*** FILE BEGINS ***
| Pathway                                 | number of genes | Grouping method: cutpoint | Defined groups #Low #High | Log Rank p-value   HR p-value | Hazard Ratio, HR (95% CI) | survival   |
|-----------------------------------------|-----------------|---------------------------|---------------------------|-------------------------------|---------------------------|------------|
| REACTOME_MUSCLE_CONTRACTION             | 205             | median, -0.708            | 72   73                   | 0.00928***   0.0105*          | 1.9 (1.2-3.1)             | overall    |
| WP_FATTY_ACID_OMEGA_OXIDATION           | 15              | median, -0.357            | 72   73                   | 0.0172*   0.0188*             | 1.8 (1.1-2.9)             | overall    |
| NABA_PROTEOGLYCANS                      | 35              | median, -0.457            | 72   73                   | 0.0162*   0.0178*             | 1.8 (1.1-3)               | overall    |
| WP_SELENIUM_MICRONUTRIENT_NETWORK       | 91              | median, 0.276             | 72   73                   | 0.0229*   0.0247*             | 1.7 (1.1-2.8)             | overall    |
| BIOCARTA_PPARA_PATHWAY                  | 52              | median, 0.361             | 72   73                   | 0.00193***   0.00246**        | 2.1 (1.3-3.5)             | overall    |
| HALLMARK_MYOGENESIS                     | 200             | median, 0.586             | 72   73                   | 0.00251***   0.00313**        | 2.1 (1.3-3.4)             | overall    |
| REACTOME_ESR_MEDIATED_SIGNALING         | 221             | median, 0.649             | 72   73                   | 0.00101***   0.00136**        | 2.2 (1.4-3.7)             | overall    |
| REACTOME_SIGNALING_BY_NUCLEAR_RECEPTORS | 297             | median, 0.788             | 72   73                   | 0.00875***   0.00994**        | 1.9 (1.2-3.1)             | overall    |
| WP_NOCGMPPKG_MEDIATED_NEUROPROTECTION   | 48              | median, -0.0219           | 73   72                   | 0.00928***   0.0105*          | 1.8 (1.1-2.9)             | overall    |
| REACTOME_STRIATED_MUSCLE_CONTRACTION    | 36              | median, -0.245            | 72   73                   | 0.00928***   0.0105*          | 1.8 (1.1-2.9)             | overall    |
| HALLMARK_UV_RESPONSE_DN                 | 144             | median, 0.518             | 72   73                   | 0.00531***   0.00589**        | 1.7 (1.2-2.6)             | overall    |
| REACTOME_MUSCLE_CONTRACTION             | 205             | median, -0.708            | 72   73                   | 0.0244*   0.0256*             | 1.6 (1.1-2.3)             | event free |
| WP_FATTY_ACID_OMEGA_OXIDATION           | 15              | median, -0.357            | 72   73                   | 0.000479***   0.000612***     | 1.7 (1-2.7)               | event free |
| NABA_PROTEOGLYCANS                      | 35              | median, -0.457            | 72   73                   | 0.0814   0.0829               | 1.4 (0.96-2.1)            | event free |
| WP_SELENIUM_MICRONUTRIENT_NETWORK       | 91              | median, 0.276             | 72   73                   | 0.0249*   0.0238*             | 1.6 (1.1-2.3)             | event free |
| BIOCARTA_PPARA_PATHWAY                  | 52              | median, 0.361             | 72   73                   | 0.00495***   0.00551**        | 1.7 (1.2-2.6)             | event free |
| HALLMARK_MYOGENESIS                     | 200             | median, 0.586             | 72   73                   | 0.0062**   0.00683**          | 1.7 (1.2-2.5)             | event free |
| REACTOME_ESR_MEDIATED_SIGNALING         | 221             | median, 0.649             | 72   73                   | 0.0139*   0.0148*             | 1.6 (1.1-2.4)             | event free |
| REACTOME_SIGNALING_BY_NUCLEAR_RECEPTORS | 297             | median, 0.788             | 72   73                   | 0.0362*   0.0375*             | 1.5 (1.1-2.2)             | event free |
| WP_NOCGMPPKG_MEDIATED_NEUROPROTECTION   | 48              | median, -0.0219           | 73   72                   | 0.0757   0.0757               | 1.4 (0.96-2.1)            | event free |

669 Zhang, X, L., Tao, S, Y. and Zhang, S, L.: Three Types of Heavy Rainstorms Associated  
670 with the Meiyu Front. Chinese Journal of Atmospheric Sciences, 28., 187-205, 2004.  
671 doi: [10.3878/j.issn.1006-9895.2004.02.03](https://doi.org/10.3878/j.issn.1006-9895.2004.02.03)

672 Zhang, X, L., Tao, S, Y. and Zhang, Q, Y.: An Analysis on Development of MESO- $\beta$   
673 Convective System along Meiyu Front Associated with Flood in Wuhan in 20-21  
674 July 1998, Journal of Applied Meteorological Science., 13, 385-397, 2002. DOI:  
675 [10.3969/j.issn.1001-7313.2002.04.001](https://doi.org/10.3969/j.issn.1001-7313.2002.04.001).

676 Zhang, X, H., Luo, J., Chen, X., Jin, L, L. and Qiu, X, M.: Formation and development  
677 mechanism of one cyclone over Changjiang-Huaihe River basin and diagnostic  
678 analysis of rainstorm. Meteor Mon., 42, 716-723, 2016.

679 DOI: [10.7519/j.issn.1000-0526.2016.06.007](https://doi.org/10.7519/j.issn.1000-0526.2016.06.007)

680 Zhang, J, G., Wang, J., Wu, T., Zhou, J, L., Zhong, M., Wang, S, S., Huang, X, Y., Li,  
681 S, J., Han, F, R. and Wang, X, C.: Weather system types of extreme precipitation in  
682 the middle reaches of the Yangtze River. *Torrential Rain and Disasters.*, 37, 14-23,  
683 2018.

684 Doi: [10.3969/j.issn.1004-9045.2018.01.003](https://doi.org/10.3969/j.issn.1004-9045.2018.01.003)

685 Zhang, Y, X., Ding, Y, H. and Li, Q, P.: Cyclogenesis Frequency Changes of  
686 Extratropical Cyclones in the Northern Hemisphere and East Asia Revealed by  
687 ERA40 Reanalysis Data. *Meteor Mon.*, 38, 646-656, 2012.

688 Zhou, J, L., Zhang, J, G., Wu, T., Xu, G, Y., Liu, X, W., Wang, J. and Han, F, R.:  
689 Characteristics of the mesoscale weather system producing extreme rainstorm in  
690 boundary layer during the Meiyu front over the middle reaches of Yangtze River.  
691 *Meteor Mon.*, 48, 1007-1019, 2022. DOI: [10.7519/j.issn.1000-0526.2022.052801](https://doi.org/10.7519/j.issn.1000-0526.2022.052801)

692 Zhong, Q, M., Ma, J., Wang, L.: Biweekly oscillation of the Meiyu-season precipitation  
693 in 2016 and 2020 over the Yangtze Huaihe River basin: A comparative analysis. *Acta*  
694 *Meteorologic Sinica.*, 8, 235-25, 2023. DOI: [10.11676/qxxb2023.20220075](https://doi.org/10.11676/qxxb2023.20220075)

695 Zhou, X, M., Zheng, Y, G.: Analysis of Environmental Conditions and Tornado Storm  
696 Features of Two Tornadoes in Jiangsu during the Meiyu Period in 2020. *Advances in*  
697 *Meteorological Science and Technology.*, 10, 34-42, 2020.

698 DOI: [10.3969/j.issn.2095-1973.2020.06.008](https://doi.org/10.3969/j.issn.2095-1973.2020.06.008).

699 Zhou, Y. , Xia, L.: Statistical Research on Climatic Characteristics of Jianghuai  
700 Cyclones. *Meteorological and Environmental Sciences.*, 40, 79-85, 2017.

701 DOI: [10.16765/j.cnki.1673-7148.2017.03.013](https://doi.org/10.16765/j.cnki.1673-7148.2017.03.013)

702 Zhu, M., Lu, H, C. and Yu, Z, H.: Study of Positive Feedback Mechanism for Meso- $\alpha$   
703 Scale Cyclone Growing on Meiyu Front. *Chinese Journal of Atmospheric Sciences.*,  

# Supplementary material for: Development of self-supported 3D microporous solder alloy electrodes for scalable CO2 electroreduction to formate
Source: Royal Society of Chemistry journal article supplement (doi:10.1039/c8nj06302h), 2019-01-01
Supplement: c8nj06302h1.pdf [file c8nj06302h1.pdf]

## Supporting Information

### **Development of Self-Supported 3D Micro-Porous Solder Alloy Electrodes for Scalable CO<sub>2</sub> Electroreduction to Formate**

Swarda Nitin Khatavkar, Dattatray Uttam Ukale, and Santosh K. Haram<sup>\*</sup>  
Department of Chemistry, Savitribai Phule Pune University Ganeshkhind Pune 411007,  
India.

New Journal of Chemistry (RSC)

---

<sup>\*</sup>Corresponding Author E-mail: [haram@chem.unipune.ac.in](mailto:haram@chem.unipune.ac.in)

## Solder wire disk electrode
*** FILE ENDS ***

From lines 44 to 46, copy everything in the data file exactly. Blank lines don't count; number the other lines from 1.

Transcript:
690 boundary layer during the Meiyu front over the middle reaches of Yangtze River.  
691 *Meteor Mon.*, 48, 1007-1019, 2022. DOI: [10.7519/j.issn.1000-0526.2022.052801](https://doi.org/10.7519/j.issn.1000-0526.2022.052801)

692 Zhong, Q, M., Ma, J., Wang, L.: Biweekly oscillation of the Meiyu-season precipitation  